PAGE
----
the middle of the road

It’s hard at my age to make change. But I’m working on it. I’ve reluctantly acquired the ability to look at myself with a critical, honest eye and I’ve had some success. My biggest challenge of late has been open-mindedness and I’m happy to say that I am really breaking down barriers.

A big one for me is my, for lack of a better word, politics. “Politics” is a funny word. Many shy away from it as if it was a civics course with a required grueling exam.
“I don’t talk politics.”
“Ugh, I don’t get it.”
“I don’t care about politics, it doesn’t affect me.” That one is my favorite.
To me, politics is current events. Knowing what is going on in the world. Being present as if my lone, infinitesimal opinion matters. Understanding the human element as it pertains to world events. It’s a game, really. But I believe that it affects all of us and knowledge of it is critical to our existence. Politics matter.

While nothing is cut and dry in the world I believe most people, at some point pick a side. Our personalities often play a large role in which direction we lean. The problem as I see it is that people feel that they must pick a side. In today’s charged political environment many have become entrenched.

There was a day, not that long ago that it was ok to think what you want and support who you choose and discourse was possible. We could agree to disagree. At some point we have lost that. The climate has gotten angry, intolerant even violent. Couples have broken up over who won an election, people have been attacked in public places for wearing a hat. Elected officials have publicly called for violence against those who disagree with them. Hate is in the air.

I got caught up in it. The attacks on social media, the anger, the intolerance and the name calling caused me to feel as if it was personal. I picked a side and I dug in. Forgetting that it’s ok to walk the middle of the road.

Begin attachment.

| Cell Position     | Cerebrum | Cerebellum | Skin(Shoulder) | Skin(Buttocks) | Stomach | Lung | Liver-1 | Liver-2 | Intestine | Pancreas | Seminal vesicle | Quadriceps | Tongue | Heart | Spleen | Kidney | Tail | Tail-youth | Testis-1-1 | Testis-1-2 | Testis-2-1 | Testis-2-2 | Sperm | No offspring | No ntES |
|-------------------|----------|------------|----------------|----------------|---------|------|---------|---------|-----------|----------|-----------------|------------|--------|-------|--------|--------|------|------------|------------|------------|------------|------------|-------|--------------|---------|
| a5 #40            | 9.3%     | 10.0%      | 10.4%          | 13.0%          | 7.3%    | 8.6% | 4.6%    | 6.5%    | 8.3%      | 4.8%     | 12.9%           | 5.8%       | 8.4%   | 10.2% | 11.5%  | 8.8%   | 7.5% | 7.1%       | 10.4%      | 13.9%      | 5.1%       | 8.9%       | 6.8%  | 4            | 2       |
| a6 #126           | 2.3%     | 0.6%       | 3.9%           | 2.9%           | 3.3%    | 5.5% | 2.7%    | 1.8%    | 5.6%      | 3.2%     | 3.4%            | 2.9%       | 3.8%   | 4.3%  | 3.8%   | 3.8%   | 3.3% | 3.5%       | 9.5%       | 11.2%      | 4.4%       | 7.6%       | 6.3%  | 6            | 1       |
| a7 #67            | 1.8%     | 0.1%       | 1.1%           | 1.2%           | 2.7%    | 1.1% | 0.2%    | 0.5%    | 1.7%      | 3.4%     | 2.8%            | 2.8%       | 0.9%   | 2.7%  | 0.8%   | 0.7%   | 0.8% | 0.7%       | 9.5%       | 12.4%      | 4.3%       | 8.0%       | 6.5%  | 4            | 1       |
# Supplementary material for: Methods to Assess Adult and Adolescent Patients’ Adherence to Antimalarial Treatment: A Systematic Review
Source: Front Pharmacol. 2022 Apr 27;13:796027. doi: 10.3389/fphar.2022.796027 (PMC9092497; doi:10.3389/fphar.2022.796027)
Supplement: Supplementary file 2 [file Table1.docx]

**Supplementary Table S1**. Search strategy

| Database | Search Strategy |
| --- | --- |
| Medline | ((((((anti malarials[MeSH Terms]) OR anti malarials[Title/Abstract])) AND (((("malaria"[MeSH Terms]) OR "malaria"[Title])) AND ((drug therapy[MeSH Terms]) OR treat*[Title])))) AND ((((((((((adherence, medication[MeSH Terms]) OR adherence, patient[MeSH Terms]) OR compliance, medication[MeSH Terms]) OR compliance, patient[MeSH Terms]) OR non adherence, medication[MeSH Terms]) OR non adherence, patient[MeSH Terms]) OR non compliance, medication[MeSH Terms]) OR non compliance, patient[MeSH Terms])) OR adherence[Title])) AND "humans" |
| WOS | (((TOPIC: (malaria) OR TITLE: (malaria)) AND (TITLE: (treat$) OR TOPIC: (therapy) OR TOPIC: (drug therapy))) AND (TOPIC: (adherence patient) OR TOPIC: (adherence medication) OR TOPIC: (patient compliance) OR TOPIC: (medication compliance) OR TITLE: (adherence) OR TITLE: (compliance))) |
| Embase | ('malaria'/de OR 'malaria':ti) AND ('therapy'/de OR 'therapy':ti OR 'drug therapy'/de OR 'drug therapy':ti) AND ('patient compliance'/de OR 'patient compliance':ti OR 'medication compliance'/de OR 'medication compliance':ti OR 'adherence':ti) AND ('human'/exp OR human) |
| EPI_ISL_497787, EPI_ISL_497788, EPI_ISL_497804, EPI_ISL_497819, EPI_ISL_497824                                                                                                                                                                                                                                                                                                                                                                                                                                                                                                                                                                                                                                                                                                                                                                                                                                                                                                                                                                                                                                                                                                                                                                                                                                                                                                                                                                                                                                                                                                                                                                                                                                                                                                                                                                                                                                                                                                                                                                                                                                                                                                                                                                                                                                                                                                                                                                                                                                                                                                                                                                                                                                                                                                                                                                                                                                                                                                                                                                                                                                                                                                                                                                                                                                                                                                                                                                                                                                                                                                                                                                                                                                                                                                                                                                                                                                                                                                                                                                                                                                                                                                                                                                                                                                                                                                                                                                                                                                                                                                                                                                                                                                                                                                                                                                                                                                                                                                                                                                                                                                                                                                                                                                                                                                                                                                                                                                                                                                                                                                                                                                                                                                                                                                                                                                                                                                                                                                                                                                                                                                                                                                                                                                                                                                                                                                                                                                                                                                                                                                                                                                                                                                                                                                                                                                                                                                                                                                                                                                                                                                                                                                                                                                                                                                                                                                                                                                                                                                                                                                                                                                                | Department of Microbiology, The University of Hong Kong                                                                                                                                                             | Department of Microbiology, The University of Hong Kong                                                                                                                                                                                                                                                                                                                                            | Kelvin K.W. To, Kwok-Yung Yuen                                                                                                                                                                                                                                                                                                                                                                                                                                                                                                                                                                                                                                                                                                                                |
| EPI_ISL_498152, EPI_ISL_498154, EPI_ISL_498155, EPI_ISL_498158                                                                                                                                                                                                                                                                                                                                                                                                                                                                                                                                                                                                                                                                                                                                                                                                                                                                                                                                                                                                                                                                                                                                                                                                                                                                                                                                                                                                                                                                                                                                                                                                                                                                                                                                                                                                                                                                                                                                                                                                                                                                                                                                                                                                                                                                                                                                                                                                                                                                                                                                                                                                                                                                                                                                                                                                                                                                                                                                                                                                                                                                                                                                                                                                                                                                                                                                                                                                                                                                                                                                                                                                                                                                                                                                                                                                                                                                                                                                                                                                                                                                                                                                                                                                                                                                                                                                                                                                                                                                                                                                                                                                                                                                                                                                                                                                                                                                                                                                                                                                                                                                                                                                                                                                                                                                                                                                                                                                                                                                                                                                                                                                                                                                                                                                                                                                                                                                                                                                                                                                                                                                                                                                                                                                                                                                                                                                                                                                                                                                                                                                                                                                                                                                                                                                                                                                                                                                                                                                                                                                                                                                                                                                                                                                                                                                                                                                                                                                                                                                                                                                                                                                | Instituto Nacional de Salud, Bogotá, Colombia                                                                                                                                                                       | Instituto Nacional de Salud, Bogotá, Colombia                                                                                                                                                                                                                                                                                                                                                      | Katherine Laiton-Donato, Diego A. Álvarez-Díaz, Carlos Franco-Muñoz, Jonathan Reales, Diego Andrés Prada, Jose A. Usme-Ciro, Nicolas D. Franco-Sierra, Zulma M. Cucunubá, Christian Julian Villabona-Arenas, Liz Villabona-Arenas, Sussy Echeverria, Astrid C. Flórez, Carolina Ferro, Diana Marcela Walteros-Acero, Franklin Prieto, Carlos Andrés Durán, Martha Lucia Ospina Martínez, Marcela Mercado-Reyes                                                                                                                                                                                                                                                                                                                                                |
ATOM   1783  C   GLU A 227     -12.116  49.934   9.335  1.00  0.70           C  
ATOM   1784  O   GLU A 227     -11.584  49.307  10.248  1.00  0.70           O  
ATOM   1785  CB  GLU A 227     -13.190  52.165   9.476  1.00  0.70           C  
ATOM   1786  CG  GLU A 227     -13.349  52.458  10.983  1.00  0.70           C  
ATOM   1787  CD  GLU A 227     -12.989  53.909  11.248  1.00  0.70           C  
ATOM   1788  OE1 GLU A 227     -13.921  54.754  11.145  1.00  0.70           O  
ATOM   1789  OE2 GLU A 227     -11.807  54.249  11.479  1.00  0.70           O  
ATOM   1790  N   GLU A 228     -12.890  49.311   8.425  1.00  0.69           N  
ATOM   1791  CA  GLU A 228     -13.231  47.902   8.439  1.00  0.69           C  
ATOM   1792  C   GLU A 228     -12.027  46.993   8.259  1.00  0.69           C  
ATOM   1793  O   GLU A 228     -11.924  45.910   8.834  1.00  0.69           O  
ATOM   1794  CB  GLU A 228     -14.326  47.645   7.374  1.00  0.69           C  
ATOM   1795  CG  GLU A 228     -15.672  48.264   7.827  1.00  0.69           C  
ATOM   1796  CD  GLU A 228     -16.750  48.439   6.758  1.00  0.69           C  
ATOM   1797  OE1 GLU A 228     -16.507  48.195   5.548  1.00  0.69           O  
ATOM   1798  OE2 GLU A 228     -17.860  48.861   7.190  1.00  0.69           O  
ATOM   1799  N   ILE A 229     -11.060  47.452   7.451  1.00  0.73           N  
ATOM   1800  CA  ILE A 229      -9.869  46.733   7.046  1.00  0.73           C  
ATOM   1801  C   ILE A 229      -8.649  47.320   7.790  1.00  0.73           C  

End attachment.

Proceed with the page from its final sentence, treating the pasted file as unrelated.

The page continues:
It’s a good place to walk, just don’t allow yourself to get hit. Of course, I’m speaking metaphorically.

Somewhere along the line I forgot that it was ok to not react. To think before I spouted an opinion. To not take a side. I forced myself to read blogs by people who are polar opposites of me politically. I tuned in to networks that lean differently than I do. I made an effort to challenge myself and encouraged others to challenge me. I found myself gritting my teeth at times but I’m a nicer person for it, and that was my goal. None of the anger made my life any better.

My father always said that nothing is ever simple, that everything has a story. In this day and age of soundbites and misinformation it is easy to forget that. Books have been placed by YouTube videos and everyone has a digital pulpit to speak. The question I have to ask is “is it true?” Then and only then should I react. React to what is right, not what aligns with whatever side I have chosen. Critical thinking is a God-given gift that I for one failed to open.

I don’t know. Let me look into it and get back to you. I’ll think about it as I walk down the middle of the road. That’s where the truth lies…somewhere in the middle.

Let’s talk about Ellen

Let’s talk about Ellen. Let’s talk about respect.